AMY GOODMAN: Ryan Zinke’s son, the interior secretary, worked for Whitefish, not to mention Whitefish is Ryan Zinke’s hometown. Do you think Ryan Zinke should be investigated? How did this contract happen? And have you met with Andrew Techmanski, who’s running the show here, all of the Whitefish workers that they’re importing? Not that there are that many right now.
ÁNGEL FIGUEROA JARAMILLO: [translated] Here, everything needs to be investigated. Whitefish didn’t just come to Puerto Rico by accident, a very small company from Montana that no one knew about, coming into Puerto Rico with a $300 million contract. There must have been some connection to be able to come to Puerto Rico. It just — it wasn’t in the internet. There wasn’t a classified ad. Somebody must have called Puerto Rico for them. Whitefish has ties with companies in Brazil. Ricardo Ramos worked in Odebrecht, the Brazilian company. That’s another angle that needs to be investigated, the Brazilian company in this process.
AMY GOODMAN: What is the name of the Brazilian company?
ÁNGEL FIGUEROA JARAMILLO: [translated] We still don’t know the name of the Brazilian company. This is a report by the environment news in the United States. It noted that this company was financing Whitefish for two years. When we saw that news, we drew the relationship with Odebrecht, which was a Brazilian company that has been pointed out by the US Department of Justice as the most corrupt company in Latin America. And the Dominican Republic is the country where there was most corruption. Nonetheless, by chance, Ricardo Ramos worked with Odebrecht in the Dominican Republic.
AMY GOODMAN: Do you think Ricardo Ramos, the head of PREPA, who signed this $300 million contract, should be fired?
ÁNGEL FIGUEROA JARAMILLO: [translated] Clearly. And not only that, I believe that a much deeper investigation needs to be carried out in Puerto Rico. There is an element that has always come about in these kinds of situations, which is impunity. Nothing happens. The money is stolen, and then nothing happens. I believe that this is the time to make sure that these contracts don’t happen again, to take this to the ultimate consequences. And if people need to be put in prison, the local and federal officials who may have been involved in this Whitefish process need to be put in prison, as well.
AMY GOODMAN: What is it like for Puerto Rican workers to be working alongside of workers from the continental United States who are, apparently, reportedly, being paid much more to do the same job?
ÁNGEL FIGUEROA JARAMILLO: [translated] Not only the same job. The ones who really know the Puerto Rican electrical system are us. They’ve worked much more slowly, with much more difficulty on the work assigned to them, compared to us. Seeing that big difference, looking at Puerto Rico’s topography, its geography, the complexity of our electrical system, one sees that this is a big scandal. When some workers are being paid $200 an hour to do the same work that we do for $21 an hour, there’s a difference there. One notes how poorly paid we are, but also it shows just how much corruption there is around Whitefish.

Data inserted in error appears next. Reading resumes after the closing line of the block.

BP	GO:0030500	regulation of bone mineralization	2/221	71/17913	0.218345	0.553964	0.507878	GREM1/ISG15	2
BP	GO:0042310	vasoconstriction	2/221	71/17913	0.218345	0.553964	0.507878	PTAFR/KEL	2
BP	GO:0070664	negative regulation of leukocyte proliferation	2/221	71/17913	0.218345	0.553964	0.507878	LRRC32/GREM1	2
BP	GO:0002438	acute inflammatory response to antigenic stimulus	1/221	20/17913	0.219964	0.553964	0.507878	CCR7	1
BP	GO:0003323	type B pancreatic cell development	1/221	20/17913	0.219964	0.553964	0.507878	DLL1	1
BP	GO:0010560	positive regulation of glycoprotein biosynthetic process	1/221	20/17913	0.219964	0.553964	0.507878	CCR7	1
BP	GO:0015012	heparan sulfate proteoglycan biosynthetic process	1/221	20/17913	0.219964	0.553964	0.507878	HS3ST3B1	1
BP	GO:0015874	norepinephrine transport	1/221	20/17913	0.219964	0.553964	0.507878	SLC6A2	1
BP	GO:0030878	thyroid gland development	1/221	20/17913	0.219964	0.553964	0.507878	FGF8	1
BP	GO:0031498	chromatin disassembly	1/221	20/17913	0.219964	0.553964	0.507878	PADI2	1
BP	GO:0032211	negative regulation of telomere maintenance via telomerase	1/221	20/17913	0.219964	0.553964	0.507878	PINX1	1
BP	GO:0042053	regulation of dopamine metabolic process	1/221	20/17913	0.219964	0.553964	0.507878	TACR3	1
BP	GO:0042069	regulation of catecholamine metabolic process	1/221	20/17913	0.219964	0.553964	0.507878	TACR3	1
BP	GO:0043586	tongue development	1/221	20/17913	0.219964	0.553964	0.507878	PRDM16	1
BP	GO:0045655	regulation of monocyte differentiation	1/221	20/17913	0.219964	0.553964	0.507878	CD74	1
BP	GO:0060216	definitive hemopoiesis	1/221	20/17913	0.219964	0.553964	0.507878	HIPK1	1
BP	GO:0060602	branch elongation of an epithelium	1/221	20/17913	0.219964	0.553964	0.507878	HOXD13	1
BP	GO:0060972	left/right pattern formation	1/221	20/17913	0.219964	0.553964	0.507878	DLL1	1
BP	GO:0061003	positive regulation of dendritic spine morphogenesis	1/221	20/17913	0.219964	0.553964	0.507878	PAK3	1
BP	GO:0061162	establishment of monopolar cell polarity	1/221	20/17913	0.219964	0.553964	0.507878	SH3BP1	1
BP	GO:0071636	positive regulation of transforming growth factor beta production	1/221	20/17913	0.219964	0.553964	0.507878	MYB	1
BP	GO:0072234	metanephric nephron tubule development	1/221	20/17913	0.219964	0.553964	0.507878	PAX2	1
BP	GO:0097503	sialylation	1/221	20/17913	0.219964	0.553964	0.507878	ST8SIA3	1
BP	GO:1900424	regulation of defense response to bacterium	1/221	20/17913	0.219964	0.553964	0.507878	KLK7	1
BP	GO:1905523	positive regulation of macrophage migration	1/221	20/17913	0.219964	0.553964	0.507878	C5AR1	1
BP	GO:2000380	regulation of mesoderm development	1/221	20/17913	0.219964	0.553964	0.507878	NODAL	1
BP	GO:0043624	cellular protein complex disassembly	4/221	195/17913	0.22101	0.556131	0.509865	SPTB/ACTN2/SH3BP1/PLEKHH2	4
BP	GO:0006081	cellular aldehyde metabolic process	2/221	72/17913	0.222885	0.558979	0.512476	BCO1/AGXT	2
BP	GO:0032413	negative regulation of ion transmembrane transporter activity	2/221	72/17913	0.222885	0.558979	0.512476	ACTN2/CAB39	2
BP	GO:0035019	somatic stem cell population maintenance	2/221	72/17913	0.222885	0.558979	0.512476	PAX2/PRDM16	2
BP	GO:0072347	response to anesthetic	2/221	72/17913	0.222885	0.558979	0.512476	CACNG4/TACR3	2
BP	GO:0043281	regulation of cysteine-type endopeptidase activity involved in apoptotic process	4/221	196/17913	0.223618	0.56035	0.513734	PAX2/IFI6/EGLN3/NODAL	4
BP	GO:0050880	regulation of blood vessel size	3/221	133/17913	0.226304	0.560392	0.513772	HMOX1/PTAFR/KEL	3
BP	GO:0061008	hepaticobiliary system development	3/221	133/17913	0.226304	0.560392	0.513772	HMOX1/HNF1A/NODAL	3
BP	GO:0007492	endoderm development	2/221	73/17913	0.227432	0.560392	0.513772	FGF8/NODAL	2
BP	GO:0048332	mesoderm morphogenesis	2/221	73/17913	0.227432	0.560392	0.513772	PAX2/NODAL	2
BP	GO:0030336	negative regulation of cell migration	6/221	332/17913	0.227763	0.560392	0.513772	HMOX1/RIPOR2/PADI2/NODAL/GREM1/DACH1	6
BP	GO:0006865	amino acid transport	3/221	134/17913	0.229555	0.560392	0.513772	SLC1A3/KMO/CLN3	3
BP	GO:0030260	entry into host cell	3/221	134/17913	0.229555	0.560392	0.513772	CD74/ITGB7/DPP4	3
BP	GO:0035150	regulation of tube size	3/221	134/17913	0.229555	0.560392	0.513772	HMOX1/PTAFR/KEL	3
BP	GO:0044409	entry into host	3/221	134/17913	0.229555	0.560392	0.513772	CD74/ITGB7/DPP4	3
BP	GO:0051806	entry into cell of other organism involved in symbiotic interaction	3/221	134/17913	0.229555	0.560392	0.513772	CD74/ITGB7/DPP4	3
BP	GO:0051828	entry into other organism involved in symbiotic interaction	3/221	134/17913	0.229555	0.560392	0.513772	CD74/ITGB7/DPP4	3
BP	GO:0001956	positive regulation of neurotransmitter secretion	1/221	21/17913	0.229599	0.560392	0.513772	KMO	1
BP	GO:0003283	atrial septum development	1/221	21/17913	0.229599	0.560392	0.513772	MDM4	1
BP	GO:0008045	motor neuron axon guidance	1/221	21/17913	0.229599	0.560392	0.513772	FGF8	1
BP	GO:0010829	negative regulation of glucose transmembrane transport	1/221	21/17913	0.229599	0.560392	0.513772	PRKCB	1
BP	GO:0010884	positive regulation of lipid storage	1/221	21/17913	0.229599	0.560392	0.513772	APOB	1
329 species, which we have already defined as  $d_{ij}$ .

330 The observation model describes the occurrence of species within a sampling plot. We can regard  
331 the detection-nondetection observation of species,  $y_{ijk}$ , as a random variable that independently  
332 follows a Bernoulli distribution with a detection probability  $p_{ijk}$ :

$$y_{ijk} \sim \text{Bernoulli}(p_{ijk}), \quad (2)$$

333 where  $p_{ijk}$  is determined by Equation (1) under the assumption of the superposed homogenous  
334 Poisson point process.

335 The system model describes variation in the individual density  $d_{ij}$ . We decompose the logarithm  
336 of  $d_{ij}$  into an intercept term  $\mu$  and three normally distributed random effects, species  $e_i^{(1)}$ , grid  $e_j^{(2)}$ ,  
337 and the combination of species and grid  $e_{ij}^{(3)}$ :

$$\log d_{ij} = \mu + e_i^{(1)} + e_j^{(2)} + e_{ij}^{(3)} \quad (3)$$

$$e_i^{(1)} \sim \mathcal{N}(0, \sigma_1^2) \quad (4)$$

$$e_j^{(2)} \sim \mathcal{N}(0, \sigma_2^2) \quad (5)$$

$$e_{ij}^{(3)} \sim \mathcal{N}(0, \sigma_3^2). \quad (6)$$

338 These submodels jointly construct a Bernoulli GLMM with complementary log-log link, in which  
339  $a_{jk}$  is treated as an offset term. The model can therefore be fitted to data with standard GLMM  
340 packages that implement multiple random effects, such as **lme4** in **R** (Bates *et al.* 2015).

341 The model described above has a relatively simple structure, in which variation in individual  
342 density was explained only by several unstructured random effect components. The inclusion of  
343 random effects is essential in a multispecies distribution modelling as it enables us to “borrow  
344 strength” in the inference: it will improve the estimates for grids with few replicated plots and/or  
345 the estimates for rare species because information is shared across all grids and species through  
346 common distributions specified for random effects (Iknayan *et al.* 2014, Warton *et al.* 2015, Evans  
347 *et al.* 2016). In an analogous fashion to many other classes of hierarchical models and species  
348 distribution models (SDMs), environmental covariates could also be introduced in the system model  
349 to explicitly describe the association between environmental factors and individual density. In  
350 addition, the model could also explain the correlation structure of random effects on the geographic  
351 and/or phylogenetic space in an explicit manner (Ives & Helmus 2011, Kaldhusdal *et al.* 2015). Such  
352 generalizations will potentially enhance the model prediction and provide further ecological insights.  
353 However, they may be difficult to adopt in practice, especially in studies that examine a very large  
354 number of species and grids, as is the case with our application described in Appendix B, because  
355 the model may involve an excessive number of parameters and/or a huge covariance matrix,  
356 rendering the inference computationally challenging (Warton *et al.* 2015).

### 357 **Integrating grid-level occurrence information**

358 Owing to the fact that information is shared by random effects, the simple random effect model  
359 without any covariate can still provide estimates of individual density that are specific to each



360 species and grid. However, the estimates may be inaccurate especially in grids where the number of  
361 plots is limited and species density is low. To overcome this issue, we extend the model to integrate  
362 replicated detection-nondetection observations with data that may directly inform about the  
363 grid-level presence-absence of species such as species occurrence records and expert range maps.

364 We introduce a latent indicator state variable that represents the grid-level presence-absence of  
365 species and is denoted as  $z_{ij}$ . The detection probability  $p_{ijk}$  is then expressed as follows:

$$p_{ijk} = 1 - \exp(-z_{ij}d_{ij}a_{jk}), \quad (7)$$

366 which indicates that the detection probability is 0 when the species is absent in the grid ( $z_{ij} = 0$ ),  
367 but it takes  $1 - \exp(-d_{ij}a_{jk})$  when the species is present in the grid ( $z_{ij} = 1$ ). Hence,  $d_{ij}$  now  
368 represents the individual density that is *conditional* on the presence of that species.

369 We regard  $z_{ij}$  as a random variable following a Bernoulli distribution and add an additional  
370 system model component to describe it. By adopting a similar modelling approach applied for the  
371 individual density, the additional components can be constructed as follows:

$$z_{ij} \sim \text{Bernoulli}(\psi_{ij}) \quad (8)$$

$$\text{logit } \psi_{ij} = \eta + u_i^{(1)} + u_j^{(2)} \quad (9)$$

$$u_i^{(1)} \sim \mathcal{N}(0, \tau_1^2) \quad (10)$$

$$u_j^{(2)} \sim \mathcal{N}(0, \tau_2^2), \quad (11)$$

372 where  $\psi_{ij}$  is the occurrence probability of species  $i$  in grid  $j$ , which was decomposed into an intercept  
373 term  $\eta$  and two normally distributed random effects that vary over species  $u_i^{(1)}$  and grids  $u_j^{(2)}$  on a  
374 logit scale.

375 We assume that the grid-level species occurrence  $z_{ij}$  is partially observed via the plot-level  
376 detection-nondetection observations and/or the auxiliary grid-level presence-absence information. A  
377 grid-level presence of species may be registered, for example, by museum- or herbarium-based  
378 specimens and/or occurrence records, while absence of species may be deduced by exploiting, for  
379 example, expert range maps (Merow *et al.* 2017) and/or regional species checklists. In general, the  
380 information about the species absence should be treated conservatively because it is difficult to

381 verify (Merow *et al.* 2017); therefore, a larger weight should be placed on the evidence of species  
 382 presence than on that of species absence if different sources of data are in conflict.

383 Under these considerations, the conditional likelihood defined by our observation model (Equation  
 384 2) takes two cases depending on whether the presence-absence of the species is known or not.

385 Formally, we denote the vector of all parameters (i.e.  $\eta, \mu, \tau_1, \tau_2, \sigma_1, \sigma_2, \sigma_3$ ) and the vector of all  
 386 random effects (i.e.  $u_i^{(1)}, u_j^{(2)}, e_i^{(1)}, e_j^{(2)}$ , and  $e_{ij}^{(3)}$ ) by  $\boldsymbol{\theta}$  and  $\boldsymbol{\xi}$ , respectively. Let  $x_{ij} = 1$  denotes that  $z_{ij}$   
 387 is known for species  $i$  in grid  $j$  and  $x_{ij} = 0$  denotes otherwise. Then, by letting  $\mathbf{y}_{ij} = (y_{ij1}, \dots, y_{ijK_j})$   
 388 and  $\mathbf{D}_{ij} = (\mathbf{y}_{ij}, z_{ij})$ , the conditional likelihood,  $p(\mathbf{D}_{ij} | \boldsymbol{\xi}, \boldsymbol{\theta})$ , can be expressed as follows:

AMY GOODMAN: If the public power union, if the workers, if PREPA got this money to rebuild Puerto Rico’s power grid, what could you do with it, $300 million?
ÁNGEL FIGUEROA JARAMILLO: [translated] With much less than that amount. Indeed, with the help of workers from companies in the United States who have experience with international assistance; Mexico, the Mexican electrical workers’ union has made themselves available, workers who are experts on the lines. With a lot of help, we’d be able to rebuild the country with much less money than has been given to Whitefish.
AMY GOODMAN: I want to ask you about Elon Musk and solar power. There’s a lot being made in the United States, continental United States, in the corporate media about his offer saying that Puerto Rico could be the experiment, the model for the rest of the country, for solar power. This goes to two issues. One is, the entire grid is down: How do you rebuild it in a more sustainable way? And does solar have to mean privatization?
ÁNGEL FIGUEROA JARAMILLO: [translated] First, the complexity of the electrical system of Puerto Rico, it’s a totally isolated system. A system with a large amount of demand poses a major challenge in terms of looking at the possibility of solar power for powering the whole country. It’s very complex. It requires many studies, a lot of analysis, many evaluations. And the people of Puerto Rico can’t wait for all of that right now. Now, that doesn’t mean that Puerto Rico doesn’t have to look very seriously at the possibility of the transformation towards solar power. Nonetheless, the transformation that UTIER believes is most appropriate is — are solar communities. The communities themselves should appropriate that system. It’s not that we will become a commodity for renewable solar energy companies.
AMY GOODMAN: And now you have a member of the fiscal control board, former Air Force Colonel Noel Zamot, reportedly about to be imposed as an emergency manager over PREPA. Can you talk about the significance of this and who he is?